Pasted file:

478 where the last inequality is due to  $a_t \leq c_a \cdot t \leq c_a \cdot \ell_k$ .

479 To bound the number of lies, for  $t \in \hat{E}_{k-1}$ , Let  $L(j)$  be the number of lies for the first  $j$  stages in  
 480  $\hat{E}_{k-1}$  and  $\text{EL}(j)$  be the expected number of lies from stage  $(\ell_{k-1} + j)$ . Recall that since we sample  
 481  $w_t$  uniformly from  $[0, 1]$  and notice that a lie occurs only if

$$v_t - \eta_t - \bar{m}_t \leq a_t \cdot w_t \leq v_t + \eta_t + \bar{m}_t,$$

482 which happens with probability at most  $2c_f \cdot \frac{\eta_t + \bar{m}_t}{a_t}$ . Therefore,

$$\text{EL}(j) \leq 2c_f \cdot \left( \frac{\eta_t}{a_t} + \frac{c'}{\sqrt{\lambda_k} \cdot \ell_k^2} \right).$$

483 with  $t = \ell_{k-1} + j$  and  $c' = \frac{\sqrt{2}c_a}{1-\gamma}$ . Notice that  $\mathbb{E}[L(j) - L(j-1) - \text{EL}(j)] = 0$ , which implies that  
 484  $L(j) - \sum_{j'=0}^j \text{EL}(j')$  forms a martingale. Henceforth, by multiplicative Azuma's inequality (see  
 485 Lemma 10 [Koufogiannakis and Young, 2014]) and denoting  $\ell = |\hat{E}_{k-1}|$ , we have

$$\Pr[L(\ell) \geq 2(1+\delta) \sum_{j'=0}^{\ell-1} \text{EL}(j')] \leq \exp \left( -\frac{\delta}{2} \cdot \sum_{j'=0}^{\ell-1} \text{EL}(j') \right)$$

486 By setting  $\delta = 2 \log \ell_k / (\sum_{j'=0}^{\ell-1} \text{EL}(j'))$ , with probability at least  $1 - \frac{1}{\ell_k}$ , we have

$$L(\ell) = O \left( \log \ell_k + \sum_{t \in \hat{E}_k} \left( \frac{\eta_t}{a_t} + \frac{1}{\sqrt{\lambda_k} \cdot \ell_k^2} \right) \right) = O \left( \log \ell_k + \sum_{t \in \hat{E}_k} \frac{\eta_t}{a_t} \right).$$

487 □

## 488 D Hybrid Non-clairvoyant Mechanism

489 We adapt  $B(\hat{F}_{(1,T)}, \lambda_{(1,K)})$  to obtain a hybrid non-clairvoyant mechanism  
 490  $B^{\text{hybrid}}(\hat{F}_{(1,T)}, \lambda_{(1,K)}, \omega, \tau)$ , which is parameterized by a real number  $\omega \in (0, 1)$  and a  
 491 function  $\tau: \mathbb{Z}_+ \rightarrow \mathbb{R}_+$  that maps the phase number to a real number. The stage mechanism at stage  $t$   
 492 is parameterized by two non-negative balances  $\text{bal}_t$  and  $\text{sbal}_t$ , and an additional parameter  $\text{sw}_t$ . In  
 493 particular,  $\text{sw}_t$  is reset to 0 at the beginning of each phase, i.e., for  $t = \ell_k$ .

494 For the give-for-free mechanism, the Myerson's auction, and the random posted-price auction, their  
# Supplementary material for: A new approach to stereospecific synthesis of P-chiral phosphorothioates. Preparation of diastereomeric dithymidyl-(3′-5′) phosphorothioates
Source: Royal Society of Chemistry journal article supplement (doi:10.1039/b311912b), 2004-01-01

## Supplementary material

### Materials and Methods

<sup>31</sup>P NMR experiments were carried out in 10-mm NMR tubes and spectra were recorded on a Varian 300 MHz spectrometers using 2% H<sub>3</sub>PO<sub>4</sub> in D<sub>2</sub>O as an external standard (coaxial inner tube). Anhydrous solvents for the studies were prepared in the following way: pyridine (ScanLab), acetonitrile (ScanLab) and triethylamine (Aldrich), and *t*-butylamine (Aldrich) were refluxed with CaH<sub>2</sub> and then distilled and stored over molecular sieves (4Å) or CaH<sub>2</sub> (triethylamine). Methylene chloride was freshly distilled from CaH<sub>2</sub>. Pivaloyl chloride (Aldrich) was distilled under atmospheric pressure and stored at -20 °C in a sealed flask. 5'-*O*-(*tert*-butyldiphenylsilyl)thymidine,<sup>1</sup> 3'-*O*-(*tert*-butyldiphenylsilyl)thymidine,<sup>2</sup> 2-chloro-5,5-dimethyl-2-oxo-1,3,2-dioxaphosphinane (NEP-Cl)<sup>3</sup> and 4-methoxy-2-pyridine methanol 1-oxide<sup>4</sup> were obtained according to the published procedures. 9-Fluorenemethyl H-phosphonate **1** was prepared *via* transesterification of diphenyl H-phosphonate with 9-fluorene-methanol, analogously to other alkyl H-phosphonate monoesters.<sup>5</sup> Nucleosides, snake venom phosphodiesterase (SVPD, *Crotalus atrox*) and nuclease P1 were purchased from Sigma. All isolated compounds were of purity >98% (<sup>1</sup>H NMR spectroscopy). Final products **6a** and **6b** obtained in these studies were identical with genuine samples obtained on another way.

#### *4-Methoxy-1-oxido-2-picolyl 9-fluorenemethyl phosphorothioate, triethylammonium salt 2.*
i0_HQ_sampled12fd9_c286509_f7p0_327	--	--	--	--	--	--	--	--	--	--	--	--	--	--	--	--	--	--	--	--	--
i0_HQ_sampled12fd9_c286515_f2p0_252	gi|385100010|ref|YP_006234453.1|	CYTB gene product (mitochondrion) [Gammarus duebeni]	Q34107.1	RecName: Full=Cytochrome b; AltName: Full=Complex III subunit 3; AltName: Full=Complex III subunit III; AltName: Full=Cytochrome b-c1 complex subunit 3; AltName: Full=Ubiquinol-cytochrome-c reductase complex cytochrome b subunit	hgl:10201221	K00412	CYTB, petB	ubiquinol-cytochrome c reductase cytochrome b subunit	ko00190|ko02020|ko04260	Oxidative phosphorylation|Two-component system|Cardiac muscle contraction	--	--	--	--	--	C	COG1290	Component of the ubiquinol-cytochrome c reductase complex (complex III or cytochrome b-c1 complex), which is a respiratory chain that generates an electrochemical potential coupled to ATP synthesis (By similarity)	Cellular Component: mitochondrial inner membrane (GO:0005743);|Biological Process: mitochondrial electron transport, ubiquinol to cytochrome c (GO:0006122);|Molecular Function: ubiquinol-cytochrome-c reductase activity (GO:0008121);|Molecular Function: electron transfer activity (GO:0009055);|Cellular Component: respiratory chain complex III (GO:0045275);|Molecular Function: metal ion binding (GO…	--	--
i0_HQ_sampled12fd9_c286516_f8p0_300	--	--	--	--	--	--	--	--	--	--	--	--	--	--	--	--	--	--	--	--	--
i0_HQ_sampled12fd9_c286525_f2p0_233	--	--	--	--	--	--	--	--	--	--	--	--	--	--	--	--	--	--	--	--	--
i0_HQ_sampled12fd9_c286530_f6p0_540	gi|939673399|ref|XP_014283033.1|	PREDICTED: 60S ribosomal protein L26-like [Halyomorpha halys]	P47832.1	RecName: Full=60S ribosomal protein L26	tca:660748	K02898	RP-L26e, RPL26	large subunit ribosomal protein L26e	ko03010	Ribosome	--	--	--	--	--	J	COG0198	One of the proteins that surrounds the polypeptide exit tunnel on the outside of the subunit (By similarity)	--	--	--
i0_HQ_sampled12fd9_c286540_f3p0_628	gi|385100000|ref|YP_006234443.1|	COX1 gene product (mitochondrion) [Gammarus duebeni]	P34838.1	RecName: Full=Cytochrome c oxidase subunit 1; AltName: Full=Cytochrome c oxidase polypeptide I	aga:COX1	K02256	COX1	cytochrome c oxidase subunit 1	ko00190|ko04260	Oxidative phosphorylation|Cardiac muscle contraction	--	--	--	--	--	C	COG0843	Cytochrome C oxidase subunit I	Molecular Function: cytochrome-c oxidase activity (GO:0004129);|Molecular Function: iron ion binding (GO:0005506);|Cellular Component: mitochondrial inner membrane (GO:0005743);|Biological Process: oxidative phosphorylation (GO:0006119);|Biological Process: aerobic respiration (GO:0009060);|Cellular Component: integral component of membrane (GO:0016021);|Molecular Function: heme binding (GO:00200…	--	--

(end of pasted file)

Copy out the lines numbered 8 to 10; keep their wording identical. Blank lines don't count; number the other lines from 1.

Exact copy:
483 with  $t = \ell_{k-1} + j$  and  $c' = \frac{\sqrt{2}c_a}{1-\gamma}$ . Notice that  $\mathbb{E}[L(j) - L(j-1) - \text{EL}(j)] = 0$ , which implies that  
 484  $L(j) - \sum_{j'=0}^j \text{EL}(j')$  forms a martingale. Henceforth, by multiplicative Azuma's inequality (see  
 485 Lemma 10 [Koufogiannakis and Young, 2014]) and denoting  $\ell = |\hat{E}_{k-1}|$ , we have